This past weekend we had two of our grandchildren stay with us for what they termed a “four night sleepover.” Four nights is a long time for a 3- and 5-year-old to be away from their parents but the kids were well prepared and great. We are grateful for the fact that they are comfortable with us and in our home.
Still, four nights is a long time for them and a long time for us, flexing those child care muscles we don’t exercise all that often. One night “sleepovers” are frequent and two nights happen from time to time but those are usually filled with plans to attend some special event and the time disappears. Four days and nights in the deep chill of winter, well, it’s different.
Nonetheless, we found plenty to do, from walking the dogs to painting rocks, from baking multiple batches of cookies to playing numerous games of Monopoly Junior. At night, snuggled in our pajamas, we’d watch a movie together before all of us called it a night.
When the kids were younger, they’d sleep on inflatable mattresses in our bedroom. Now the 5-year-old insists on sleeping in the “big bed” in the guest room. His 3 year-old sister joined him the first night and they both slept well. But night two resulted in a little “your space, my space” tussle and she ended up insisting that she sleep with “you guys,” as she pointed to Grandpa and me. That’s the way it stayed for all three nights that were left. No matter how much I tried to persuade her, “with you guys” was firm and I wasn’t going to argue.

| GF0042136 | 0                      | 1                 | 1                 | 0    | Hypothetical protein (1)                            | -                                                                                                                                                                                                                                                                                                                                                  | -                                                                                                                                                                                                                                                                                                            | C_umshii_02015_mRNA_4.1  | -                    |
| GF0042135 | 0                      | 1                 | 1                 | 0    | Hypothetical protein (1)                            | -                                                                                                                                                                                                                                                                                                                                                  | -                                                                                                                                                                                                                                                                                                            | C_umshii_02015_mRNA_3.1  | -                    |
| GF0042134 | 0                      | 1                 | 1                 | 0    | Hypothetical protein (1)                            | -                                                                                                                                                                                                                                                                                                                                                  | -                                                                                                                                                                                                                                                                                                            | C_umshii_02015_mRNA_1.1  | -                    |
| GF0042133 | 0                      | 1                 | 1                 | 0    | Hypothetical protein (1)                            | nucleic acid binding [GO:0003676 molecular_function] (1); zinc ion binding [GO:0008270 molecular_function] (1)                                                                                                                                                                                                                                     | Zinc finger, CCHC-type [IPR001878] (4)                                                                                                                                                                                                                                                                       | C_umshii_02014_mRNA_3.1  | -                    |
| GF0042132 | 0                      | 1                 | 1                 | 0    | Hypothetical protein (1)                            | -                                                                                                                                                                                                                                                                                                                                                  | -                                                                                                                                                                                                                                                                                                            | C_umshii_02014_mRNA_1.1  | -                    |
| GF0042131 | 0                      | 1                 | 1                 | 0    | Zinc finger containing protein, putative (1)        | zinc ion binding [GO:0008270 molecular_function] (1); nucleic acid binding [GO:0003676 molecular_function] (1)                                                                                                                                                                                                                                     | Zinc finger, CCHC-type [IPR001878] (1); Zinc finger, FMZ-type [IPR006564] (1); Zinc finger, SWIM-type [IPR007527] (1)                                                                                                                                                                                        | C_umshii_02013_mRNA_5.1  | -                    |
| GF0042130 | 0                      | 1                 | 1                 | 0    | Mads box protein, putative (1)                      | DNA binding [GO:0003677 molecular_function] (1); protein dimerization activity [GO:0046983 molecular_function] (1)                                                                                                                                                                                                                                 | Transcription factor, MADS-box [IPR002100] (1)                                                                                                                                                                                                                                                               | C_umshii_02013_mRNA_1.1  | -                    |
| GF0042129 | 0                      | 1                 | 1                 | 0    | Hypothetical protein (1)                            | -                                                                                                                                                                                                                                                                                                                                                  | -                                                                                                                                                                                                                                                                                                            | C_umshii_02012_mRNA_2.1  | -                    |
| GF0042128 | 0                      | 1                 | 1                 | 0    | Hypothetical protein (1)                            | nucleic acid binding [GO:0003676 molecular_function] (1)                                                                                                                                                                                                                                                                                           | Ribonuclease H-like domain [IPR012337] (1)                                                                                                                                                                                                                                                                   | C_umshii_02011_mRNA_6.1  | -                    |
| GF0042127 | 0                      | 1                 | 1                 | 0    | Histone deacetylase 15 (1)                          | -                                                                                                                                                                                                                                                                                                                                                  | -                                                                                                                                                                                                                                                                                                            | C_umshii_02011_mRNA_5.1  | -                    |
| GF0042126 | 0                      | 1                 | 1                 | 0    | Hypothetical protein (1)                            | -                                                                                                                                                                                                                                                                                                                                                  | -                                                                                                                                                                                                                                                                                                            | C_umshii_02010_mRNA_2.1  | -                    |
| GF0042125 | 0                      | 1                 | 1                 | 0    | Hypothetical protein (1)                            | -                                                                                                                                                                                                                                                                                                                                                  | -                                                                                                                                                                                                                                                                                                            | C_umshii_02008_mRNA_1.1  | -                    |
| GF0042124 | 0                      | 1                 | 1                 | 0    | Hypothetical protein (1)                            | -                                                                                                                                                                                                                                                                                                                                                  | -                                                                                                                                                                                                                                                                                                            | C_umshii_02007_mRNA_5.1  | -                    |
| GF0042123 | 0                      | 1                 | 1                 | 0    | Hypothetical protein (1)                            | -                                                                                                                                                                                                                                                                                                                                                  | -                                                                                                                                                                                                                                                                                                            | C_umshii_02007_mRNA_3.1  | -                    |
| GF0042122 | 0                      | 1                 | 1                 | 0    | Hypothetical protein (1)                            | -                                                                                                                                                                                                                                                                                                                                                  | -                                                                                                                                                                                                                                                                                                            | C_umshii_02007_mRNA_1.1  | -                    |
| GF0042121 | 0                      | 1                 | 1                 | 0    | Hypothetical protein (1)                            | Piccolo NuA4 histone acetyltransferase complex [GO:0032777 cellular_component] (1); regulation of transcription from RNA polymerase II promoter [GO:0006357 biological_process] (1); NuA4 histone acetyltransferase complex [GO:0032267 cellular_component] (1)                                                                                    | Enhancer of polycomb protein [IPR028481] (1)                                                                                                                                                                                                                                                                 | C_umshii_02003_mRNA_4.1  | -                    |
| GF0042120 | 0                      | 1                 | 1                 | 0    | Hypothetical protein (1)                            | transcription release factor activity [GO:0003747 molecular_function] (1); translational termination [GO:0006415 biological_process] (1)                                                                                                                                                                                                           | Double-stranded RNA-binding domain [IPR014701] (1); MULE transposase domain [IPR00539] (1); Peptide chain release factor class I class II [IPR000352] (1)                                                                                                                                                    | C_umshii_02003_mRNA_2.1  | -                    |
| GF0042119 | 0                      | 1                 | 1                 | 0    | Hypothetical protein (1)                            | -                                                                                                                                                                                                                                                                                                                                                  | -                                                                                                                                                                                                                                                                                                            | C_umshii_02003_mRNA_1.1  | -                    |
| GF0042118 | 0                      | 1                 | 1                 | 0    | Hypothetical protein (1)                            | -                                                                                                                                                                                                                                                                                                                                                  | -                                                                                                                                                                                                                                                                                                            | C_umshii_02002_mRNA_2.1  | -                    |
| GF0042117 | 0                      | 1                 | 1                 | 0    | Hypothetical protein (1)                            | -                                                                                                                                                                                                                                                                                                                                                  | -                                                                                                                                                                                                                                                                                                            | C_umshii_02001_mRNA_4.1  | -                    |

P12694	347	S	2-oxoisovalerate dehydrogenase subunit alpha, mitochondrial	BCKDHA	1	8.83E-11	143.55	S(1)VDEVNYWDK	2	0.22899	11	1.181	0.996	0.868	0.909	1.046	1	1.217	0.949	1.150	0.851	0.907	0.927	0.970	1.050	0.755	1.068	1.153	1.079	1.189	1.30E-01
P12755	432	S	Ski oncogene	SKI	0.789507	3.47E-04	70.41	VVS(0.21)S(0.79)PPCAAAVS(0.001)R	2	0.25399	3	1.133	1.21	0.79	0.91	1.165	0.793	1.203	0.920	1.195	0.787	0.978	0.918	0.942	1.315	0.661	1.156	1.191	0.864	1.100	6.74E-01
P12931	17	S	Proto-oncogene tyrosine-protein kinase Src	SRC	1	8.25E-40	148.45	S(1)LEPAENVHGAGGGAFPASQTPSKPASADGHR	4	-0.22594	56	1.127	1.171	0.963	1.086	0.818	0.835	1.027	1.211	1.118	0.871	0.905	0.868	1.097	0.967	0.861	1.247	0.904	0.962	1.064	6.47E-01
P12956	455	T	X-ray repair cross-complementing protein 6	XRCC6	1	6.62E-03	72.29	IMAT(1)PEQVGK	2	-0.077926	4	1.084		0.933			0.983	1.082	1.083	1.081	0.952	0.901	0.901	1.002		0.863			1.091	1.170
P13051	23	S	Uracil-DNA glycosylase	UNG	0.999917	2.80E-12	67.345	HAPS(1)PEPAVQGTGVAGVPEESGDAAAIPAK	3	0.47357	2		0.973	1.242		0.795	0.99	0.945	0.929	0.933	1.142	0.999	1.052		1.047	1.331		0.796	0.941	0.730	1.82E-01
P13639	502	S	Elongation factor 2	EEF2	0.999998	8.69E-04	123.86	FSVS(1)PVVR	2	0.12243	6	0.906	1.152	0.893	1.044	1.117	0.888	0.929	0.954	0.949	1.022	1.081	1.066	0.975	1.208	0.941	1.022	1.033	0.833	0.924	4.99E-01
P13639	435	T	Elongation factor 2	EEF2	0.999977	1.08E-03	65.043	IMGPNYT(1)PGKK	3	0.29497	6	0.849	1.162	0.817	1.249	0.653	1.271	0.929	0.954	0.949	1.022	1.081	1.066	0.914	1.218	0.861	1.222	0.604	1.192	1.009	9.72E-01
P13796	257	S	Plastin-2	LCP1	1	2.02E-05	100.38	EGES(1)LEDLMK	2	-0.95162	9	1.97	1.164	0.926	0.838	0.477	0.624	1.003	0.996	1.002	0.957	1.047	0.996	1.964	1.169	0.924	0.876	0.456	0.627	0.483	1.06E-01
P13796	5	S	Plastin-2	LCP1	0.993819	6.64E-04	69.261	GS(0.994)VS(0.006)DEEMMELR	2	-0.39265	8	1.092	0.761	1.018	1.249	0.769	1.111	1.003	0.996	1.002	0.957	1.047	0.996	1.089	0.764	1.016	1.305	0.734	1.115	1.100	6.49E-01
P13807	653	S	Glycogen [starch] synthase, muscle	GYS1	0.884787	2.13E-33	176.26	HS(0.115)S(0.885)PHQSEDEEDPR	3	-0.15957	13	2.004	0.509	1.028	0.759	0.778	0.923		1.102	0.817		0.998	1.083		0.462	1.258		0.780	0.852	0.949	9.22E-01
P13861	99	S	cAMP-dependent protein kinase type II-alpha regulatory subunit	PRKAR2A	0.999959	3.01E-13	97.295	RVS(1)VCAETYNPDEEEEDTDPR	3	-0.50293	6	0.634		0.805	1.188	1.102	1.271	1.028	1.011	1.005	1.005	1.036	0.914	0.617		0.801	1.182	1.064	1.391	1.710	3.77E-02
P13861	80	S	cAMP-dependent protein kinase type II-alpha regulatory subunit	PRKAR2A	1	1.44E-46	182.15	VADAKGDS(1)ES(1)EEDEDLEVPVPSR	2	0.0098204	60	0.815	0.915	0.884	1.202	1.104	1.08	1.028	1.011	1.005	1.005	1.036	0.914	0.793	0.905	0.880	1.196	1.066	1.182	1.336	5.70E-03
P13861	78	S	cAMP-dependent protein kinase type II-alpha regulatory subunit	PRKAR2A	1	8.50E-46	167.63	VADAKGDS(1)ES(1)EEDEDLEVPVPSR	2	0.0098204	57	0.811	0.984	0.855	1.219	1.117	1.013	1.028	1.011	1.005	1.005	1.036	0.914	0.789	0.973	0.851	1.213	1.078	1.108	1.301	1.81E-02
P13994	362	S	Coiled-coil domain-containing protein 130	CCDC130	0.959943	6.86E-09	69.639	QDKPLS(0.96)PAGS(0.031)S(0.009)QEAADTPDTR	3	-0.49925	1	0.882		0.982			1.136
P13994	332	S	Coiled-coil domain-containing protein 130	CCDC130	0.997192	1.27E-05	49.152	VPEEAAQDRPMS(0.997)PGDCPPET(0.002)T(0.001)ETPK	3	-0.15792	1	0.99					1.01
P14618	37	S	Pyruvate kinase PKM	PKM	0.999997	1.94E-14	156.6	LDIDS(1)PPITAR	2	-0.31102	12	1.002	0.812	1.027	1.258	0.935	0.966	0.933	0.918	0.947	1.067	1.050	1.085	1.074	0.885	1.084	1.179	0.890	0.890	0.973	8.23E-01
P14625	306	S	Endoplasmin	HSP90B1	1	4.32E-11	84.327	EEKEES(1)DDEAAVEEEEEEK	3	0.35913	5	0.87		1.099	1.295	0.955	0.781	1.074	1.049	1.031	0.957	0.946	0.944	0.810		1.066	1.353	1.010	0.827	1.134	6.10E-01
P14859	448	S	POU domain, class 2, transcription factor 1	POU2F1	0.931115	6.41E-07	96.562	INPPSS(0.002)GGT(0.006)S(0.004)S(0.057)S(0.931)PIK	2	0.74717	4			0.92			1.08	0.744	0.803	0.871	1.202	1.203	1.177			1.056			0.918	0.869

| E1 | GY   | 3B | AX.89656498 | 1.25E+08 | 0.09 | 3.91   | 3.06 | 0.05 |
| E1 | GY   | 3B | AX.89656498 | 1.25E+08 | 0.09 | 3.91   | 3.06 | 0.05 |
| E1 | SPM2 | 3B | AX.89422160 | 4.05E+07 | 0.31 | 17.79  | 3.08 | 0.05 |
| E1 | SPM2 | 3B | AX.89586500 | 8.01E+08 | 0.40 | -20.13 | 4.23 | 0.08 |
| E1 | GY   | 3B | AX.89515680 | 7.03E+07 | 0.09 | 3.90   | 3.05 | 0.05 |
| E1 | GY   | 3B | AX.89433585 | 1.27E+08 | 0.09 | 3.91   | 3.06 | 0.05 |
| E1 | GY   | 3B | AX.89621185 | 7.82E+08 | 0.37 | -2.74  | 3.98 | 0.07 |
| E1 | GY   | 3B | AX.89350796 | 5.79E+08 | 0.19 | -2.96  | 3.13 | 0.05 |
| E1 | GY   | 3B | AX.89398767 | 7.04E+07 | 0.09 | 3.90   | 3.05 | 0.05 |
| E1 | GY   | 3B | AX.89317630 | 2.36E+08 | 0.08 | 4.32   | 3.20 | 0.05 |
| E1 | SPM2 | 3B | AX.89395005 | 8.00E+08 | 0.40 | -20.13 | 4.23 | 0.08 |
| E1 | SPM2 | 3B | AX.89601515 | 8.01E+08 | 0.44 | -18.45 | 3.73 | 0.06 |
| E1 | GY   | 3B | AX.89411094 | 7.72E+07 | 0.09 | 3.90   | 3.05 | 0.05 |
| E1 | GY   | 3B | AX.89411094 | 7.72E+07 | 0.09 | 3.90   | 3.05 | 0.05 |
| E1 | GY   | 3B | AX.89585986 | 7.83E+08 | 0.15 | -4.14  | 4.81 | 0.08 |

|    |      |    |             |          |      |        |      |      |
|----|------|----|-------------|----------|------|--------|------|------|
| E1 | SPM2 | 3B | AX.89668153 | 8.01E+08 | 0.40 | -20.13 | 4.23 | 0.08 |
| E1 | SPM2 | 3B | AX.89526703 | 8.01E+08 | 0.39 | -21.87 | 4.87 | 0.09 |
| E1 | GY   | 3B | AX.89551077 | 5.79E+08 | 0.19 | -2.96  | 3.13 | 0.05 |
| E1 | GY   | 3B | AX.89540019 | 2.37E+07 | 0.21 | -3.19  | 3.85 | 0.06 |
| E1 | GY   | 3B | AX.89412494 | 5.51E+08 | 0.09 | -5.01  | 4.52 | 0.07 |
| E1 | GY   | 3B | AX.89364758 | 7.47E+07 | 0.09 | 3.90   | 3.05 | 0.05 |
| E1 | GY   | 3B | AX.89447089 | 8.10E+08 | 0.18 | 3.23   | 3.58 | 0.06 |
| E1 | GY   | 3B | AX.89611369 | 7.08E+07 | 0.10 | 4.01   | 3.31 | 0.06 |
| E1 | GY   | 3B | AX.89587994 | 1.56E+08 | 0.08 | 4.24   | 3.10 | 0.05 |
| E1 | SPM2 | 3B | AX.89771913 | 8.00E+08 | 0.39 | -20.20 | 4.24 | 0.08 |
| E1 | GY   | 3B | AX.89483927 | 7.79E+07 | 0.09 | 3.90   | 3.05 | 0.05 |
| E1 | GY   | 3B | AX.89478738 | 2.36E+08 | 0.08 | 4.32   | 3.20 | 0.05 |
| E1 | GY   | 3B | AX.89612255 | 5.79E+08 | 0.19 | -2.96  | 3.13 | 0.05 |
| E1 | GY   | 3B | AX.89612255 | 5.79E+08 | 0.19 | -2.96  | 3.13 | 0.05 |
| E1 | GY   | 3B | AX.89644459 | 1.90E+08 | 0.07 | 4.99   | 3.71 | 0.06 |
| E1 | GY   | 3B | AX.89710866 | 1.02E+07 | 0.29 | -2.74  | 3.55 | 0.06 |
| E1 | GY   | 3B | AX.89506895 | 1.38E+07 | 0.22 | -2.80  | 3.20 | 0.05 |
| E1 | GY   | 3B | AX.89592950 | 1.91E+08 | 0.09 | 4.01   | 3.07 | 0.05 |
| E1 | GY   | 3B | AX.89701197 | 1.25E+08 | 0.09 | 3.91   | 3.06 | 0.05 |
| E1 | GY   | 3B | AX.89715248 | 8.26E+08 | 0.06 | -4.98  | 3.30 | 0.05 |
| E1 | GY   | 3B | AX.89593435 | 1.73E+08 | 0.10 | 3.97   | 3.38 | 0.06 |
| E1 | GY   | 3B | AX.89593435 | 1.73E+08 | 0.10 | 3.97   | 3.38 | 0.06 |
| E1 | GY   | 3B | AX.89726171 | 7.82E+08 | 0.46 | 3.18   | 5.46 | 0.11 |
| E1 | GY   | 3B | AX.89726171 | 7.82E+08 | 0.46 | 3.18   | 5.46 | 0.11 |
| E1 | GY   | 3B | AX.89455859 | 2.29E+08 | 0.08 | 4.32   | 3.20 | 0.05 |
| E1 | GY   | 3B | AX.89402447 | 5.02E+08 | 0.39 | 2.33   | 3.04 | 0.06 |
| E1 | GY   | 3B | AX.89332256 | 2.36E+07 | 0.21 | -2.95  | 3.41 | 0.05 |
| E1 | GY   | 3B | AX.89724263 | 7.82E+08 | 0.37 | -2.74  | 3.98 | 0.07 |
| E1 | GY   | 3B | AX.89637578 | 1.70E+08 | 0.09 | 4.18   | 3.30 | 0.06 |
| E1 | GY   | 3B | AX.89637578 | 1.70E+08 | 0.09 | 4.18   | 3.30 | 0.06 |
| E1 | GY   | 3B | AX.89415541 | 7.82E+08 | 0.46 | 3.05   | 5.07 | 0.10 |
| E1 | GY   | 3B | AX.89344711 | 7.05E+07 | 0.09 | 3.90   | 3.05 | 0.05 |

Sleeping with a tiny child in the middle of a large bed doesn’t seem like much of a challenge. But this little one sleeps the way I remember her daddy and uncles sleeping, in a way I’ve described as “sleeping with a tornado.” There are tiny arms and legs everywhere and she likes to move to a completely sideways position, taking up a remarkable amount of space for someone who is so small.
My sleep patterns are pretty bad on a good night so sleeping with our Princess resulted in very little sleeping and a lot of time to savor what it felt like to sleep next to a small child again, to watch her eyelids flutter against her perfect cheeks and see her hands clutch tightly to her blanket and her favorite doll “baby.” I had a chance to smooth her hair away from her forehead as she slept and to be amazed anew at the gift of children, at the joy of holding my child’s child and feeling that connection from the past to the future.
How often do we stop and savor the moments? How often do we try to save them and commit them to our memories forever? We remember those moments of significance, both positive and negative. We remember the big events and the impact they had on our lives. But what if we stopped and held onto these little moments? What if we viewed them, simple as they are, as precious too?
I think the same lesson applies when we think about interactions with older adults. So often we try to create moments with them that are of our choosing, to have a conversation or go to an event, to share a memory or talk about family stories. But what if, sometimes, we just let ourselves appreciate the moment of being in their presence? What if we held onto those moments and the gift they represent?